- Poster presentation
- Open Access
Pressure drop across neonatal endotracheal tubes during high-frequency ventilation
© Biomed central limited 2001
- Published: 21 March 2006
- Pressure Drop
- Airway Pressure
- Flow Phase
- Pressure Amplitude
- Ventilation Frequency
High-frequency ventilation (HFV) is a concept of mechanical ventilation that is mainly used in therapy of infants. The resistance of the small neonatal endotracheal tubes (ETT) causes a noticeable difference between airway pressure (proximal end of the ETT) and tracheal pressure (distal end of the ETT). The aim of this laboratory study was to evaluate the pressure drop across the ETT during HFV and to investigate whether tracheal pressure can be calculated from airway pressure using conventional methods.
A physical model of an infant's respiratory system was connected with one of two differently sized ETTs (ID 3 mm or 4 mm; Blue Line, Portex Ltd., Hythe, Kent, UK) with the positioning of the tip inside the trachea of the model. The ETT was bent along a test fixture to approximate the in-situ curvature of an ETT simulating the nasal route of intubation. An infant HF-ventilator Sensormedics 3100A (SensorMedics Corp., Yorba Linda, CA, USA) was used to ventilate the model with an I/E ratio of 1:2. We varied mean airway pressure from 8 to 16 mbar (in steps of 2 mbar), the set airway pressure amplitude from 10 to 50 mbar (in steps of 10 mbar) and the frequency to 5 Hz, 10 Hz and 15 Hz, respectively. We analyzed the pressure drop across neonatal ETTs in a physical model setup during different conditions of HFV.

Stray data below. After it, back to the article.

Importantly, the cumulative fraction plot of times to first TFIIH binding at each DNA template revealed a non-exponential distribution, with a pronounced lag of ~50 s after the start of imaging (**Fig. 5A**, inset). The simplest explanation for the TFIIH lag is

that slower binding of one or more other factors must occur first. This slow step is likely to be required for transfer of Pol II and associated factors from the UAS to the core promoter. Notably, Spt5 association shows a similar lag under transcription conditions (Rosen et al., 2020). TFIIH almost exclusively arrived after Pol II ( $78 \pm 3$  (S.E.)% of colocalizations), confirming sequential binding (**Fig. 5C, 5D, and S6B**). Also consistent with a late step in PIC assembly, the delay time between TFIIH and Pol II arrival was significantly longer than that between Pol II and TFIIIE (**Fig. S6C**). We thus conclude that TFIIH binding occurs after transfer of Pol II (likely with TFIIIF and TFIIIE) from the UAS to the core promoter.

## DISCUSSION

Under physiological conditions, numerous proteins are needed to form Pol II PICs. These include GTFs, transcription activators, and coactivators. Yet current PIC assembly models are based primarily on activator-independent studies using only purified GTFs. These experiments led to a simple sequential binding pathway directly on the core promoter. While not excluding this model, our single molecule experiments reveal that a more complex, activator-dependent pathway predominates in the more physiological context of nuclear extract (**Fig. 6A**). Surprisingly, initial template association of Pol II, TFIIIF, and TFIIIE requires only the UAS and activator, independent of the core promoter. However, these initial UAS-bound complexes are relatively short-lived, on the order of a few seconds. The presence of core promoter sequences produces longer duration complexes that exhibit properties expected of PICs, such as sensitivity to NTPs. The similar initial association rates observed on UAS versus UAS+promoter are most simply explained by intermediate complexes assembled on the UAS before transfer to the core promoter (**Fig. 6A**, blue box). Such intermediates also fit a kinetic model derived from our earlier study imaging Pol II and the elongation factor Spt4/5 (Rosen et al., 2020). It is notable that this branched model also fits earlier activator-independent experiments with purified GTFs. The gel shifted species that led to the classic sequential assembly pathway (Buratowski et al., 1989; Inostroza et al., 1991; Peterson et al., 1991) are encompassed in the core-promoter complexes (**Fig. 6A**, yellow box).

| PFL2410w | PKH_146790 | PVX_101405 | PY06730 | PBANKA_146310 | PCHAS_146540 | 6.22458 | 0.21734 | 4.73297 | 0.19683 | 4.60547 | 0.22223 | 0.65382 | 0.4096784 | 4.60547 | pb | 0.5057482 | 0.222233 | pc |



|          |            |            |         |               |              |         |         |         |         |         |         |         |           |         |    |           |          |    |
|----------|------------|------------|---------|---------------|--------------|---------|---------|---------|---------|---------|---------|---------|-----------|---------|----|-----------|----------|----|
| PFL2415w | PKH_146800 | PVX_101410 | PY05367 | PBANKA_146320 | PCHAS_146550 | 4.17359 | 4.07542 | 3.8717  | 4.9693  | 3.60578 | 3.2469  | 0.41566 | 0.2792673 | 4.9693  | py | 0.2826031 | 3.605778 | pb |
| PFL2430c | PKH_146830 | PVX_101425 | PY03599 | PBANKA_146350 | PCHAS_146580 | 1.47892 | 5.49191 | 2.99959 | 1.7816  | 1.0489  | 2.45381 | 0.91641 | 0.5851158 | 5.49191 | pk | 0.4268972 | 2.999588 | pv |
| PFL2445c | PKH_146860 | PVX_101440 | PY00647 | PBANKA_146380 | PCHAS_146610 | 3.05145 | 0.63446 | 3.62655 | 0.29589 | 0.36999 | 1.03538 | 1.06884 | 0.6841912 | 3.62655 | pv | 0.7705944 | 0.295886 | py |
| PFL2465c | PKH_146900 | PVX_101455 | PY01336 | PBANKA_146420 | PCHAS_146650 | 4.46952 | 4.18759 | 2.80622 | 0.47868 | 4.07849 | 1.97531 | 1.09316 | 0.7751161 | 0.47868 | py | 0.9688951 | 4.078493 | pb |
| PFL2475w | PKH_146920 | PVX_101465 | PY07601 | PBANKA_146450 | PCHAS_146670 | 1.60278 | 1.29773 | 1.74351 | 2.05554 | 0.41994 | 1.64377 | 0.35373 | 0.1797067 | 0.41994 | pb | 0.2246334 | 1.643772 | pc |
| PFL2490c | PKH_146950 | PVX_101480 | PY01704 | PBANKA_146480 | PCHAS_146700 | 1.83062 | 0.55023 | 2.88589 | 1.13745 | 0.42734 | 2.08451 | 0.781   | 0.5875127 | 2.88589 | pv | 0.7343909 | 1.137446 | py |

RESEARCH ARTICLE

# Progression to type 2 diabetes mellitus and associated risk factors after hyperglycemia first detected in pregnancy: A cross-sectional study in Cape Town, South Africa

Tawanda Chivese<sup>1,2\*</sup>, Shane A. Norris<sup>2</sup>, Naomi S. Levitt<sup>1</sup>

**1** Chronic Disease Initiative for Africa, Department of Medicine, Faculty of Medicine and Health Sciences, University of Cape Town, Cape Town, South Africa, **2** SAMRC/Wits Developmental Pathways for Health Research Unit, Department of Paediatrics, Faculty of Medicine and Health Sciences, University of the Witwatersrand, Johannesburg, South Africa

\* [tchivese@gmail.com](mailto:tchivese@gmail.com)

We found that depending on the ventilator's settings the relative loss of mean pressure amplitude caused by the ETT ranged from 23.8% up to 51.2% during the positive flow phase and from 3.3% up to 24.7% during the negative flow phase.
Additional to the well-described flow dependency of ETT resistance we found an increase of resistance caused by the HFV. Due to this effect, calculation of the ETT's pressure drop using the Rohrer or Blasius-Itos approach underestimated the true pressure drop significantly.
We conclude that an increased pressure drop during HFV caused by the ETT must be considered to be dependent on the size of the ETT, the ventilation frequency and the flow rate, the latter implicating a dependency on the ventilator's performance in flow delivery. For the patient's respiratory system only that part of delivered energy that is transferred to the patient's lung is of relevance. This means that decisions for setting parameters of HFV must be made from the view of tracheal pressure. For an adequate noninvasive monitoring of tracheal pressure during HFV, new methods for calculation of the pressure drop across the ETT appear crucial.